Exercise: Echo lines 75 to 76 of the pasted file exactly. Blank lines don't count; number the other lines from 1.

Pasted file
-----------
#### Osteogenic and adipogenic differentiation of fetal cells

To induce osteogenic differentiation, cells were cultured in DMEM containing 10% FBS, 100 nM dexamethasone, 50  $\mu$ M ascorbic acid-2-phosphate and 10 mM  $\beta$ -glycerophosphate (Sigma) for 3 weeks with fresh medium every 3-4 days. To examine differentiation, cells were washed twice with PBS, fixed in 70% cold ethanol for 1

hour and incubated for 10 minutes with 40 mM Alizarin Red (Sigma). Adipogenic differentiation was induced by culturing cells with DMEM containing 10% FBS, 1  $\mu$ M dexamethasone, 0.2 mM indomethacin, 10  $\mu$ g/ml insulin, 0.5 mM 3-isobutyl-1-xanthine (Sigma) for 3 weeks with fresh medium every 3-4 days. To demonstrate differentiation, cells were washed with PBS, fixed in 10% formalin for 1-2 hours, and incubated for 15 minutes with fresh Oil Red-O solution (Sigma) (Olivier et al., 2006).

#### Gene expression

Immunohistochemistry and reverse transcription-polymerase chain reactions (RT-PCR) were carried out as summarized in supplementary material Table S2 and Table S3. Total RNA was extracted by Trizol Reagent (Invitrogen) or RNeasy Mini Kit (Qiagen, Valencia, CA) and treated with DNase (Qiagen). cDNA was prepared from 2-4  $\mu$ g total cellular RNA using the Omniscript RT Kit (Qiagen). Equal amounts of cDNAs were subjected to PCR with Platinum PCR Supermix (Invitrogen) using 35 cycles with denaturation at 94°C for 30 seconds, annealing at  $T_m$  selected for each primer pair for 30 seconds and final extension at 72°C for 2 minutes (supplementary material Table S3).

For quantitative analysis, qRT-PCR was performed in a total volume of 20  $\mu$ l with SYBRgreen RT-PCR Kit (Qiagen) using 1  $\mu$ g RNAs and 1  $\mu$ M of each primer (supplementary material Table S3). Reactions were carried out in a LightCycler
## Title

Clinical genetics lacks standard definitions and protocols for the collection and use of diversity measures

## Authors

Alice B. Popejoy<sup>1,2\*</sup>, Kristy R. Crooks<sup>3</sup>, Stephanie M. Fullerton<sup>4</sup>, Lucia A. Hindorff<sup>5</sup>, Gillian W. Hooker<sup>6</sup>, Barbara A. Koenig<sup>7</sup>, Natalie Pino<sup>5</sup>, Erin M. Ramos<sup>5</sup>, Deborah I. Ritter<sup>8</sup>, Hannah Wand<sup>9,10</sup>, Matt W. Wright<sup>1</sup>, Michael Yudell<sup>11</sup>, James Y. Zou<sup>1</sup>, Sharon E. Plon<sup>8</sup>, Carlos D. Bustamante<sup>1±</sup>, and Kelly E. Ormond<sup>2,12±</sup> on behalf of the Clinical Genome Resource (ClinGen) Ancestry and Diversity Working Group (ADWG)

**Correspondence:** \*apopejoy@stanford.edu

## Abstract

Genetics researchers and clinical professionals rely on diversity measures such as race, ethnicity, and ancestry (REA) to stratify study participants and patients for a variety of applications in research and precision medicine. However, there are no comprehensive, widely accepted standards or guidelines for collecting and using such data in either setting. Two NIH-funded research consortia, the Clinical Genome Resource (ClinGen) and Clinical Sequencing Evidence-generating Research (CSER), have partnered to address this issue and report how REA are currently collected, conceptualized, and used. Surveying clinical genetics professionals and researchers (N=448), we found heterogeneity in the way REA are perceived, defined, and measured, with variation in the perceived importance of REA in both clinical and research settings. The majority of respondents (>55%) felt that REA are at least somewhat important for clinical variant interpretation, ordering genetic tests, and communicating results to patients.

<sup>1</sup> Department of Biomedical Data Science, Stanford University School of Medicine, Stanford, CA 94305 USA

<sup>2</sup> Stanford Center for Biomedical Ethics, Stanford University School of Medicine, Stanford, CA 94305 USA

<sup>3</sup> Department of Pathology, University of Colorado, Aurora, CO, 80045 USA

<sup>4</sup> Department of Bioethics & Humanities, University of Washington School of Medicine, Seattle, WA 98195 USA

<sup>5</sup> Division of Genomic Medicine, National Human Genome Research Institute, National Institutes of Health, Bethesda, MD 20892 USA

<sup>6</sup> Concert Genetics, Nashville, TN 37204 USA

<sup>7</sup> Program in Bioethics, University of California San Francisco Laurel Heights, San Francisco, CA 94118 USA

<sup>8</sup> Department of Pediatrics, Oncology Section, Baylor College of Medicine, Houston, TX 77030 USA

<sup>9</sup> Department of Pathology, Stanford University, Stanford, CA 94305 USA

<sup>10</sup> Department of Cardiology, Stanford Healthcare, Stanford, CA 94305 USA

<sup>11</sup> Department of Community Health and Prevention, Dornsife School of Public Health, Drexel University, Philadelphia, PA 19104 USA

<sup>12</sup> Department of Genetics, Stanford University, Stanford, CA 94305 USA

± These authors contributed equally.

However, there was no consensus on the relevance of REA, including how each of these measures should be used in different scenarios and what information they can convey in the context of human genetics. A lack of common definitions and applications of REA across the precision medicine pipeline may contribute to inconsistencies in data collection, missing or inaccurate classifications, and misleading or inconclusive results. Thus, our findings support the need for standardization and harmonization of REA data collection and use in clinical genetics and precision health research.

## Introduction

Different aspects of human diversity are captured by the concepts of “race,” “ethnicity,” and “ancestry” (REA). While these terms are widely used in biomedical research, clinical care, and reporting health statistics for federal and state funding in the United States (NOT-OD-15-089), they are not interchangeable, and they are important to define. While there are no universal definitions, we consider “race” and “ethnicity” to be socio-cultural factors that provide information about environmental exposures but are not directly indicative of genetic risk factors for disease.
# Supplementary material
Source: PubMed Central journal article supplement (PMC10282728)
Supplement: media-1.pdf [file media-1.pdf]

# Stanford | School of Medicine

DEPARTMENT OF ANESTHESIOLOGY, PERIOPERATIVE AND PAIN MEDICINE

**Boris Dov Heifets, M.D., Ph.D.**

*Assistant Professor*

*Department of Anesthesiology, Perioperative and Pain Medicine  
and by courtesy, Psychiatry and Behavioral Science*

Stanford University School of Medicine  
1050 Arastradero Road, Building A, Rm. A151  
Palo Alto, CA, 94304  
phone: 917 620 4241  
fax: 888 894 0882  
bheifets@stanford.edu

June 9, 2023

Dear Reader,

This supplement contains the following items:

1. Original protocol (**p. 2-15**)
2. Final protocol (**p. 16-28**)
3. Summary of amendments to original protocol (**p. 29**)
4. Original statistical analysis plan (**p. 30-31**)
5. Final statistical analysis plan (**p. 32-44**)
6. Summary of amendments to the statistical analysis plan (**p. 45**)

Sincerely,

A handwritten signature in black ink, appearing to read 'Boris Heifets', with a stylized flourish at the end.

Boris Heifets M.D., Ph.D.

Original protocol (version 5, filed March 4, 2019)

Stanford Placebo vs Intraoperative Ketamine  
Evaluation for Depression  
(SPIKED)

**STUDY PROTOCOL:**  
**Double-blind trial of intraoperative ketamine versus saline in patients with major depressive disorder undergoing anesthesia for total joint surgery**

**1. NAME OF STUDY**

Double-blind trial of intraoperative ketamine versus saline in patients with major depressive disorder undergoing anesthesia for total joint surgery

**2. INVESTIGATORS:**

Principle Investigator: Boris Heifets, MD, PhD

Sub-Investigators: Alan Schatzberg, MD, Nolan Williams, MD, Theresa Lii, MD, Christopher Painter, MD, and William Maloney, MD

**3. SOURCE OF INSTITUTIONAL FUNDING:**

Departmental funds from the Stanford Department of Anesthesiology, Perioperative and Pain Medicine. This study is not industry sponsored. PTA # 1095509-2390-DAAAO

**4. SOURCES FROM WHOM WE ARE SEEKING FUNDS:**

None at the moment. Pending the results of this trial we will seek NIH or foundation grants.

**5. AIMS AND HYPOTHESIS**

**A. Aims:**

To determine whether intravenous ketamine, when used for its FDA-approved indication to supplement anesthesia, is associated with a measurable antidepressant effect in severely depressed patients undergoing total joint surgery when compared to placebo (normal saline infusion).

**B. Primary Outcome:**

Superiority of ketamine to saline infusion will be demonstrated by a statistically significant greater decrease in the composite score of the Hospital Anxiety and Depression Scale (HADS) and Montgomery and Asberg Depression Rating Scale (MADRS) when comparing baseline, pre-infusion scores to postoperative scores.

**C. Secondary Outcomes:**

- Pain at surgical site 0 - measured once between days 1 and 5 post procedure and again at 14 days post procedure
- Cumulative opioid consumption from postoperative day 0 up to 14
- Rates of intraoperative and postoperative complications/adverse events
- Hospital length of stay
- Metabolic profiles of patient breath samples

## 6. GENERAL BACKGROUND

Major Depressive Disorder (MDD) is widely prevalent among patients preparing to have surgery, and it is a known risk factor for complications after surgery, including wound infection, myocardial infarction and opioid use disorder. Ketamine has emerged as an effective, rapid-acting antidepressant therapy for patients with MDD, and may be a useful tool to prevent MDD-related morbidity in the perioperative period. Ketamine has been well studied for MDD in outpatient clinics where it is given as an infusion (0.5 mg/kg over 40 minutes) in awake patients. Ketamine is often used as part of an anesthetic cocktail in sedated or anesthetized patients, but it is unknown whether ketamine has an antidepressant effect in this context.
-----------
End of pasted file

**B. Primary Outcome:**

Superiority of ketamine to saline infusion will be demonstrated by a statistically significant greater decrease in the composite score of the Hospital Anxiety and Depression Scale (HADS) and Montgomery and Asberg Depression Rating Scale (MADRS) when comparing baseline, pre-infusion scores to postoperative scores.